The Cruelest Month: Reading Frank O’Hara

For National Poetry Month (and to celebrate Mad Men‘s return), editors Darryl and Jonathan discuss a poem by Frank O’Hara.

Darryl is not really into poetry, but he’s giving it a shot for Poetry Month this year. Jonathan is a former poet and a lifelong poetry fan. Together, they might not make a good crime-fighting duo, but they have decided to read a poem together, and talk about it. With the return of Mad Men this month, it seemed appropriate to pick something by Frank O’Hara.

Darryl: For us irregular poetry readers, it’s almost impossible now to think of Frank O’Hara without also thinking of Don Draper. In the season two closer of Mad Men, Draper reads the last little bit of “Mayakovsky” (so Google tells me) during the peak of the Cuban Missile Crisis. Or, in other words, O’Hara becomes the real-world, poetic counterpart to Don Draper: sufferer of inexpressible, modern (for the ’60s, anyway) crises that one must describe obliquely, if at all.

That was my mindset when reading “St. Paul and All That” for the first time. And I think this poem works in a similar vein. Ostensibly, you meet the speaker in the aftermath of a Major Life Decision (“after the big things of night”), when he’s tootling around the kitchen and at the same time reviewing the implications of said Decision.

So you get a little taste of the specifics of the question and a really big dose of the existential tremor going through the poem. Not just with grandiose statements like “when the tears of a whole generation are assembled / they will only fill a coffee cup” or “I feel insane,” but also when O’Hara does a jump-cut to talking about why he reads vs. his lover (“you read for some mysterious reason / I read because I am a writer”) or when he describes his relationship as, paradoxically, “full of anxious pleasures and pleasurable anxiety.”

“St. Paul and All That”

Frank O’Hara

Totally abashed and smiling
I walk in
sit down and
face the frigidaire
it’s April
no May
it’s May
such little things have to be established in the morning
after the big things of night
do you want me to come? when
I think of all the things I’ve been thinking of
I feel insane
simply “life in Birmingham is hell”
simply “you will miss me
but that’s good”
when the tears of a whole generation are assembled
they will only fill a coffee cup
just because they evaporate
doesn’t mean life has heat
“this various dream of living”
I am alive with you
full of anxious pleasures and pleasurable anxiety
hardness and softness
listening while you talk and talking while you read
I read what you read
you do not read what I read
which is right, I am the one with the curiosity
you read for some mysterious reason
I read simply because I am a writer
the sun doesn’t necessarily set, sometimes is just
when you’re not here someone walks in
and says “hey,
there’s no dancer in that bed”
O the Polish summers! those drafts!
those black and white teeth!
you never come when you say you’ll come but on the
other hand you do come

Jonathan: Don Draper reveals himself as a wannabe aesthete with his bohemian floosie, art-house films, and Frank O’Hara poems. Advertisers like Draper do well to raid the fringes of the art world and sanitize it for the squares. The Mad Men reference to O’Hara came as a pleasant surprise after this O’Hara poem had already taken up residence in my brain for over a decade. I memorized the poem in 1994 because the poet Marvin Bell told me I ought to. Good advice. At first the poem seemed too personal and obscure in its detail. At one point I researched who the dancer of the poem was, but I’ve forgotten and frankly don’t care — the poem is mine now.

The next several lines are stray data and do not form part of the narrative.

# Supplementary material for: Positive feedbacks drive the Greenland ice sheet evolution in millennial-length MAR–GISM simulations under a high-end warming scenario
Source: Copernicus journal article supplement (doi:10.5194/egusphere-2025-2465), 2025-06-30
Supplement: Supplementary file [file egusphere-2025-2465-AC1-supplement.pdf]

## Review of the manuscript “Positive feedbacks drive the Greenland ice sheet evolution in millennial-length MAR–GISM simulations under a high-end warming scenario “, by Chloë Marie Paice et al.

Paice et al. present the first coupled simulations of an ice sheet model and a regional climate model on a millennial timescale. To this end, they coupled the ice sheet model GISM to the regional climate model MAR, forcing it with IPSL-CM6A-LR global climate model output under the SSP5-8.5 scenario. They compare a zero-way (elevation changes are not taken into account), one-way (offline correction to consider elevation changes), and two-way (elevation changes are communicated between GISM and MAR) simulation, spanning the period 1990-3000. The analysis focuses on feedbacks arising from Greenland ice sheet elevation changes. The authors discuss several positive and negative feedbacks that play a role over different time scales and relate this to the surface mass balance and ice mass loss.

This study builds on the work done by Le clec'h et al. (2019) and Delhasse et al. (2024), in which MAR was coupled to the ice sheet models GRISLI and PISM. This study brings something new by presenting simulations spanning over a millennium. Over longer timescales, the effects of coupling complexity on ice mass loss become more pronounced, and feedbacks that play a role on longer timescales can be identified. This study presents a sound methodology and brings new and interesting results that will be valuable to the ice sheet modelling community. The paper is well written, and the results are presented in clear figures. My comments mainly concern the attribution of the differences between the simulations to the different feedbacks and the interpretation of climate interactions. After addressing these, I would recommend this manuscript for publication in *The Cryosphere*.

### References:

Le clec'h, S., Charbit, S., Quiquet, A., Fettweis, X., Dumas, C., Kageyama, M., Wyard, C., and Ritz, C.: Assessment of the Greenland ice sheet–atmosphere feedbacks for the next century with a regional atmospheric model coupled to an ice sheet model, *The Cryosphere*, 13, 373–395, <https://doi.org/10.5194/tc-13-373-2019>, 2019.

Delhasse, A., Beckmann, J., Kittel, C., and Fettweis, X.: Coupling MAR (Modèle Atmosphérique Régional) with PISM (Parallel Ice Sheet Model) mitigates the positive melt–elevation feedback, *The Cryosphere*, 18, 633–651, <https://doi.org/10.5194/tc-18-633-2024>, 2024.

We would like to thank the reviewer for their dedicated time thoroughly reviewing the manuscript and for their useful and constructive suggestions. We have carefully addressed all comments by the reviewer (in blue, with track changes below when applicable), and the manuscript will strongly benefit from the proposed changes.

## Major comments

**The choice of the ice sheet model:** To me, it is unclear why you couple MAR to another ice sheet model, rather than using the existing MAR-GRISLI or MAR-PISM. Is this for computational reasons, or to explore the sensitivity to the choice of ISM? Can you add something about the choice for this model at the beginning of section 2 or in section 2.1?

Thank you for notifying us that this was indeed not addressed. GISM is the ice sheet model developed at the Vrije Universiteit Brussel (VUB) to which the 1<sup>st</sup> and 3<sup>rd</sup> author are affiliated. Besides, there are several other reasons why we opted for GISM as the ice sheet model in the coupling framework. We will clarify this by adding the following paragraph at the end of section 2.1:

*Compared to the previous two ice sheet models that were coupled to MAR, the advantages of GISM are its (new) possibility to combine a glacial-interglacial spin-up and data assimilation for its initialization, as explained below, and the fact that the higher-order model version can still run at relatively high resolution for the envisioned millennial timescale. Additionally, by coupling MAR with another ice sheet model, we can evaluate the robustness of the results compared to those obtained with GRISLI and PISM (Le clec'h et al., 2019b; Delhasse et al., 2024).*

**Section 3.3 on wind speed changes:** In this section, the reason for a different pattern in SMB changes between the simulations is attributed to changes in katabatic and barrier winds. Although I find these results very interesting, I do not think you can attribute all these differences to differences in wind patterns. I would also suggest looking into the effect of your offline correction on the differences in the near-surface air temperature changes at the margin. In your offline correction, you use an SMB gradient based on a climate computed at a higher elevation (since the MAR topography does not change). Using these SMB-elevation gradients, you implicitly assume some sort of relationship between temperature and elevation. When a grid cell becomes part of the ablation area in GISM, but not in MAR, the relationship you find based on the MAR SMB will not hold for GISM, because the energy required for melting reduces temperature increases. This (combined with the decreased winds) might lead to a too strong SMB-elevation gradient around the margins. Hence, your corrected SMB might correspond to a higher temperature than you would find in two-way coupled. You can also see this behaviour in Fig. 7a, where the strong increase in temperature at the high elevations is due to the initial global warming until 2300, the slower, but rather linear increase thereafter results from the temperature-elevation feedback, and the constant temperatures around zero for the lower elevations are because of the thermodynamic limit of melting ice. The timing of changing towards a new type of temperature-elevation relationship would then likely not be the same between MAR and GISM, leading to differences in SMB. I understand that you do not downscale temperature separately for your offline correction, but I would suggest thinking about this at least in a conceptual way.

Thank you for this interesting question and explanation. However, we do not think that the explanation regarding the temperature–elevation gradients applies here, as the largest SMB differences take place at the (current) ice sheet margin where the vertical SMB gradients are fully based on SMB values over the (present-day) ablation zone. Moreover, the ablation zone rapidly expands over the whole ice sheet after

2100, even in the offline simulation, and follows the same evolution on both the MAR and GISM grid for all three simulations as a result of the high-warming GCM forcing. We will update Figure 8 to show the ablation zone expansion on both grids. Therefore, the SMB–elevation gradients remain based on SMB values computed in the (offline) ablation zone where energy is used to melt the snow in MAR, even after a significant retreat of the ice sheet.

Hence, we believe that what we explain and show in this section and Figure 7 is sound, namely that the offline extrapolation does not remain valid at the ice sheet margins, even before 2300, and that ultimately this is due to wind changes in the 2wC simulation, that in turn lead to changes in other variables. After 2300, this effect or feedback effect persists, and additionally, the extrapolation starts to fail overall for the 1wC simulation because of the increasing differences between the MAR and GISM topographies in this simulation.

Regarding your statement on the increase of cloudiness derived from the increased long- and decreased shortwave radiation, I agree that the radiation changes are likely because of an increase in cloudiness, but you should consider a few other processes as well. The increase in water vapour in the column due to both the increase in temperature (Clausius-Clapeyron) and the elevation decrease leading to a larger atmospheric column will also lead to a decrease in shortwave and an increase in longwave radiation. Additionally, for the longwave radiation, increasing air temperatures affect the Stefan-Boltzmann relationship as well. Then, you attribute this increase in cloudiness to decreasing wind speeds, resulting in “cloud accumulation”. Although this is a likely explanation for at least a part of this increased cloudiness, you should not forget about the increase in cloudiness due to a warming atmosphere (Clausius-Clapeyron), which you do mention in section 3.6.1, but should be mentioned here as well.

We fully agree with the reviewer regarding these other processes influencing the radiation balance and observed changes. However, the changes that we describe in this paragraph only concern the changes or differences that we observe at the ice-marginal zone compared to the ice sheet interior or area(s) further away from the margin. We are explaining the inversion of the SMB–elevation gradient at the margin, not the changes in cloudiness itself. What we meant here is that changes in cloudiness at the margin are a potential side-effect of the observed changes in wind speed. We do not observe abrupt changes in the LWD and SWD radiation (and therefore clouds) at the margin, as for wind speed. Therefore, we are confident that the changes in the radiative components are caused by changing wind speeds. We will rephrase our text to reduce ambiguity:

Some of these lines just seem so right. And they seem right in a modern, honest, no-BS way. The poem establishes a point of contact with me personally and that I think is the key to “falling in love with poetry” or whatever. I know what it’s like when the night seems big and important and the morning small and trivial. When there are big and important things going on in the world but your concern is with who is in your bed.

I will always be grateful for the line “The sun doesn’t necessarily set, sometimes it just / disappears.” Things (romances, generations) don’t always end poetically. They just end.

As I have considered this poem over the years, it still seems a bit too obscure. Isn’t that one of your problems with poetry? The author is often writing about subjects only he/she has access to (“those black and white teeth!”) and that creates a distance between author and reader. Did that bother you here?

Darryl: It’s funny that you say the poem is yours now. I felt the same way: I could relate to so much of the poem that the esoteric parts really didn’t matter. I’ve been in that same state of pre-decision limbo, where you really can’t muster the concentration to remember what month it is and have to sit there standing in front of a fridge. I can remember the last few times that I’ve had to end a relationship because one or the other of us was on the cusp of a decision that we knew we were going to make but that would mean the end for both of us.

Maybe I didn’t see the tears of generations in coffee cups or want to address a Polish summer, but in the middle of emotional distress, I know how random things can take on outsize meanings. I broke up with someone the same week that Kelly Clarkson’s “Already Gone” hit the radio in 2009, and it’s still hard for me to hear that song. A similar thing ruined smoking for me, which in retrospect was probably okay.

So yeah, the way that the poem encapsulates a common feeling matters more than the fact that I can’t decipher a lot of it. Whereas with Emily Dickinson’s poem about the white heat, I just can’t get my head around that initial image. What is a white heat? I feel like it’s a thing that David Attenborough might explain while referring to male elephants.


Jonathan: One thought: O’Hara was writing at the last time in American culture that poetry had anything like mass influence and popularity. American generations no longer have defining poets; they have defining cartoons. This is all for the best, right?